Allowing Medicare to negotiate prescription drug prices would help lower healthcare costs for retirees

When you're one of the biggest buyers of pharmaceuticals on the planet, you should have a big stick to negotiate the best prices.

Medicare, which insures more than 60 million beneficiaries, doesn't have that power, mostly because Congress stopped it from getting the best drug prices years ago. But that could change.

The anti-consumer poison pill was embedded in a law ironically called the Medicare Modernization Act. Among other things, it put corporate Pharmacy Benefit Managers (PBMs) in charge of acquiring drugs through Medicare's "Part D" plan.

On paper, getting middlemen to do the job of the government seemed like a good idea, but it didn't guarantee that Medicare beneficiaries would get the lowest prescription costs.

After all, PBMs are for-profit companies. They had to take their cut at the expense of retirees. They only had so much bargaining power.

The recently introduced Medicare Negotiation and Competitive Licensing Act would put Medicare directly in charge of demanding the lowest drug prices.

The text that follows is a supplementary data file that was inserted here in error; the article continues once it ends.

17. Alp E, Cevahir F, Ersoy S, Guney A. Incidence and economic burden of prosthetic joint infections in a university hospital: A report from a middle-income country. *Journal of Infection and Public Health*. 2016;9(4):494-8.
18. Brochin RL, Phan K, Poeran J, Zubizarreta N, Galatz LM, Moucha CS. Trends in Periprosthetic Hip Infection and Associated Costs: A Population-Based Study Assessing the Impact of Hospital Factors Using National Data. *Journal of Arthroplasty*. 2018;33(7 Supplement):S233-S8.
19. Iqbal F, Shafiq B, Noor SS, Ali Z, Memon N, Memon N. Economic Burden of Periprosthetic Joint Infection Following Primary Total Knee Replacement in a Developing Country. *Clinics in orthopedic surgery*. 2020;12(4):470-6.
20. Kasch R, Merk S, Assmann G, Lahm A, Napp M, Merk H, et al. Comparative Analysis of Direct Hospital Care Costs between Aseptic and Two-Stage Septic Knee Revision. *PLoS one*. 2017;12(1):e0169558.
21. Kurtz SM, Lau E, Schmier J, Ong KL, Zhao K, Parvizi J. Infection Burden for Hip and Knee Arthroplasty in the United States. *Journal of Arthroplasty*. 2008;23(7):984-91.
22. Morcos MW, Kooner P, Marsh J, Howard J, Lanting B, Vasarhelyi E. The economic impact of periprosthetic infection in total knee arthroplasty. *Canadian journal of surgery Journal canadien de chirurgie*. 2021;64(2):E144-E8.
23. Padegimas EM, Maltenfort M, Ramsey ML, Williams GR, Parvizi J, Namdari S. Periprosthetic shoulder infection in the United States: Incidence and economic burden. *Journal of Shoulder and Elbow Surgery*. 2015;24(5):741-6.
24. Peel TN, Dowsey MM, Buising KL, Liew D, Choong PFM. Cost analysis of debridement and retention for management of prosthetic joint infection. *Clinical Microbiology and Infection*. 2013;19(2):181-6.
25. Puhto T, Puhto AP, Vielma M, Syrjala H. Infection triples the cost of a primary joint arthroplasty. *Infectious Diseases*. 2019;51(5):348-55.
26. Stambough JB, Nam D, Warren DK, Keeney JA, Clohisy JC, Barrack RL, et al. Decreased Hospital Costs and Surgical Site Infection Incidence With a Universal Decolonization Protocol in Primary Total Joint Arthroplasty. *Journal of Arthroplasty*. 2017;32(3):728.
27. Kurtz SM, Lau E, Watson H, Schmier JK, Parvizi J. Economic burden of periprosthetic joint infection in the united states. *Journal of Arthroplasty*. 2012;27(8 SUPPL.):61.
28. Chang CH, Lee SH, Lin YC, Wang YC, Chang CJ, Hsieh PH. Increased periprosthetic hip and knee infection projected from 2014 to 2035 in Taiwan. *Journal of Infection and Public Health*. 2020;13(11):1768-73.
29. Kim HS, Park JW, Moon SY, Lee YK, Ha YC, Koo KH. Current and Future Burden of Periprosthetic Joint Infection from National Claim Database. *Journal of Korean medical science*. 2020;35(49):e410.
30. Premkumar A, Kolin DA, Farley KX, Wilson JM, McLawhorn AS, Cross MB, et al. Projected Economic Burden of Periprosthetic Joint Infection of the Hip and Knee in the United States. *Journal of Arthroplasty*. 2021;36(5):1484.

“Current law is based on the idea that middlemen called PBMs can do a better job negotiating lower drug prices than the government,” said David Mitchell, a cancer patient, Medicare beneficiary, and President of Patients For Affordable Drugs.

“If that were true, Americans would not be paying two to three times what people in other countries with direct negotiations pay. It’s time to change the law.”

Although free market advocates counter that drug companies compete against other to provide low prices, the industry is protected by patent laws and consistently fights low-cost, generic competition. Pharma companies can lock in some of the highest profits of any industry -- for years.

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